Good morning and welcome back!
Yesterday marked the 1984 release date of Prince's album Purple Rain. That's reason enough to give the late genius today's intro tune ...
1 big thing: Big Oil notches climate case win
A federal district court judge has tossed out a lawsuit against five major oil companies including ExxonMobil and Shell brought by two California cities seeking compensation for the costs of dealing with rising seas.
Why it matters: The litigation by San Francisco and Oakland is an early and important battleground in a wider group of lawsuits that directly go after powerful oil companies over the effects of global warming.
The fallout: Look for oil various companies to cite the California ruling as they battle lawsuits brought by New York City, local and county officials in Colorado and elsewhere.
What happened: Judge William Alsup's 16-page ruling essentially said that executive and legislative processes are best venues to decide how to balance the harms of global warming against the benefits that fossil fuels have provided.
Key lines from the decision: Alsup said he "fully accepts the vast scientific consensus" that burning fossil fuels is warming the planet and accelerating sea level rise. But, in granting the companies' bid to toss the case, he added:
"[Q]uestions of how to appropriately balance these worldwide negatives against the worldwide positives of the energy itself, and of how to allocate the pluses and minuses among the nations of the world, demand the expertise of our environmental agencies, our diplomats, our Executive, and at least the Senate."
Be smart: Attorney David Bookbinder of the nonprofit think tank Niskanen Center, which is co-counsel for Colorado plaintiffs, tells Axios that while "it is never good when a judge says the other side wins," the California decision is just one phase in a longer fight.
“This is round one of many, many rounds of decisions in these cases,” he said last night.
Meanwhile, major oil companies called the ruling appropriate.
- “We welcome the Court’s order dismissing these ill-conceived cases and we will continue to vigorously defend ourselves against all other similar claims," BP spokesman Geoff Morrell said.
Go deeper: Read the full story in the Axios stream.
2. When Alexander Novak meets Rick Perry
On tap today: Energy Secretary Rick Perry and Russian Energy Minister Alexander Novak are slated to meet today in Washington, D.C., as industry and foreign officials are in town for the big World Gas Conference.
What Russia may seek: RBC Capital Markets analysts, in a note yesterday, suggested Novak could seek to leverage his help in securing the new pledge of an output-boost by OPEC, Russia and others — something the U.S. wanted. The note said:
"It remains to be seen exactly what Russia will seek in return for helping to secure the collective output addition and being a first-mover in calling for a higher production figure. However, sanctions relief seems to be a safe assumption."— Helima Croft, RBC analyst
What the U.S. may seek: Per CNBC, "Despite thorny U.S.-Russia relations, the U.S. may press Russia and other producers to expand on their just-announced deal to increase crude output, as the U.S. attempts to cut off Iran from the world oil market."
On the record: Perry offered little by way of goals when asked about the meeting during a wide-ranging discussion with reporters ahead of the conference. He said:
“This is kind of a continual opportunity to get to know him, to reach out and send a message that we are certainly amenable to having conversations, to creating a relationship...”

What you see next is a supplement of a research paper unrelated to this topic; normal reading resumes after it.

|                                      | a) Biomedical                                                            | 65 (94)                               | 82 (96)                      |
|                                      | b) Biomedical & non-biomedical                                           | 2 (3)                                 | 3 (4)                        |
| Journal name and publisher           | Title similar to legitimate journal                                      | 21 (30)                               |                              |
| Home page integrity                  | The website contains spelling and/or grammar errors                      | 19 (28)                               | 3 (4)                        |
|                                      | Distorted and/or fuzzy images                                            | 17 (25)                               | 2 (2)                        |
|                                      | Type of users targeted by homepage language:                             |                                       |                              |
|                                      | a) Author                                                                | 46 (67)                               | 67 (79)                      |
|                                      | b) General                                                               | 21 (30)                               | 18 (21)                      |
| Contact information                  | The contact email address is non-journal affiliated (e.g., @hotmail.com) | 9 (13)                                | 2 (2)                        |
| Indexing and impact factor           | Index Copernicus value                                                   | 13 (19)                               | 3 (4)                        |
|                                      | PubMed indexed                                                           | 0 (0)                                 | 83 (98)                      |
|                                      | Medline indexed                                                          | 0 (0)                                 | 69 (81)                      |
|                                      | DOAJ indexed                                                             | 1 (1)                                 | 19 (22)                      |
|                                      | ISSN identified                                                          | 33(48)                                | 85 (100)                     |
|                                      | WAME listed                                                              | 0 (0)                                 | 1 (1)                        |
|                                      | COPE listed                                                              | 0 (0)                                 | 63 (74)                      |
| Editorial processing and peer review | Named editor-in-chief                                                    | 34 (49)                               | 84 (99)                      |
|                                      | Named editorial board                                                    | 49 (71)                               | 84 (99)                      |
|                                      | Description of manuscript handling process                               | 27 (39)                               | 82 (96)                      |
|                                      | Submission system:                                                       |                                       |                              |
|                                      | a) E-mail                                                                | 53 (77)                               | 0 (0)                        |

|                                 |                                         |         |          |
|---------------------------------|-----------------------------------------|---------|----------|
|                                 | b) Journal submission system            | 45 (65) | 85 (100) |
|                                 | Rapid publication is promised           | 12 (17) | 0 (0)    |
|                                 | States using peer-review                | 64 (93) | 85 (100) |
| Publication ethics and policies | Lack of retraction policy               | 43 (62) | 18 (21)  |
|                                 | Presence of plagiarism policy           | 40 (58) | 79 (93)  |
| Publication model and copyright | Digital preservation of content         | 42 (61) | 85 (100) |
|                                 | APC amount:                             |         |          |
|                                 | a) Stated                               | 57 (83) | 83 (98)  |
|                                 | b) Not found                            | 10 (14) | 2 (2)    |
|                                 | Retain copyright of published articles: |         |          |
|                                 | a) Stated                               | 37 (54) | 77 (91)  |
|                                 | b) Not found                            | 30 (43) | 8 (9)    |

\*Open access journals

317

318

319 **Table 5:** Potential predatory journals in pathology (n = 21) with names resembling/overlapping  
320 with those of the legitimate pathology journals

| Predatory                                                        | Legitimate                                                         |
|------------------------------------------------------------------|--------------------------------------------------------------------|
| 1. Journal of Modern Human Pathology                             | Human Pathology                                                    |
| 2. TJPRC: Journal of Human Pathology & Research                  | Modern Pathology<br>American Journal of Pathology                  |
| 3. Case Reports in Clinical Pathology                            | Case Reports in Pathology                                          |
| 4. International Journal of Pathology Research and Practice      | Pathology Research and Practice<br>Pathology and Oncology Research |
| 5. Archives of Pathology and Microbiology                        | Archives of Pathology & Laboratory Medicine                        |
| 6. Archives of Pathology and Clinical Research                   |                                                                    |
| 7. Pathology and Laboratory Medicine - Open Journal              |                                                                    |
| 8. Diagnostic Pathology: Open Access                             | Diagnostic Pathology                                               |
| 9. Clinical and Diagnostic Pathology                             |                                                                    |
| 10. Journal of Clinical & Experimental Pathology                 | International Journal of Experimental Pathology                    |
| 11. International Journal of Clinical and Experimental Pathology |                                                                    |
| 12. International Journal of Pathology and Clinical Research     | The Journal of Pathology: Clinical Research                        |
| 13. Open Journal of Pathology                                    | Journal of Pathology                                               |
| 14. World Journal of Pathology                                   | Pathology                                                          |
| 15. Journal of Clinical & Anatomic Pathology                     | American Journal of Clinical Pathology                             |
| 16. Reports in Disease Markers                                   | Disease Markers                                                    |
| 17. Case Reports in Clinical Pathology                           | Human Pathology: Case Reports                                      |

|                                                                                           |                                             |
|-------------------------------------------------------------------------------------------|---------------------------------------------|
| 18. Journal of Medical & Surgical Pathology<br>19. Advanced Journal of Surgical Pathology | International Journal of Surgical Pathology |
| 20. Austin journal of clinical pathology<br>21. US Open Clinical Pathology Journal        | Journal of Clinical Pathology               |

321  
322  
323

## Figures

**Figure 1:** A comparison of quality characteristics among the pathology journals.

“We have got our issues with Russia, but I am one of those that believes you need to be having conversations with folks and finding the places that we can work together.”— Energy Secretary Rick Perry
3. China's soaring thirst for natural gas
New forecast: Surging Chinese natural gas consumption combined with its limited domestic production will make the country the world's largest gas importer starting in 2019 or even this year, the International Energy Agency said in a new report.
Why it matters: That projection and other new IEA forecasts of China's demand growth underscores the country's huge and growing presence in global energy markets.
"This is the same movie we have seen for coal, for oil, and it’s same thing we are seeing again now."— IEA Executive Director Fatih Birol tells Axios' Amy Harder
- The country is already the world's biggest coal consumer and producer, as well as the largest crude oil importer.
- Now China is poised to overtake Japan as the largest buyer of foreign gas, with the bulk of the import growth coming from liquefied natural gas (LNG).
By the numbers: IEA's new market outlook forecasts Chinese gas demand growing 60% between last year and 2023, accounting for a remarkable 37% of all worldwide demand growth during the period.
Driving the trend: IEA says an important reason for China's rising thirst is the federal government's edict improve the country's terrible air quality in part by replacing coal with gas for industrial and residential use.
- "An increasing role for natural gas — defined as a clean energy source — in every sector of China’s economy is backed by strong policy support from the 13th Five-Year Plan," the report states.
- However, coal remains the country's largest energy source by far.
Go deeper: Read the full story in the Axios stream.
4. What the future holds for global natural gas
Here are a few other top-line findings from the IEA's new market outlook that looks out to 2023...
The big picture: Overall global demand will grow by about 10% in the forecast period and Asian economies — notably China as noted above — account for over half the increased consumption.
The U.S. role: Production and exports by the world's largest natural gas producer keep rising — the U.S. accounts for 45% of global output increases and almost three-quarters of LNG export growth, IEA said.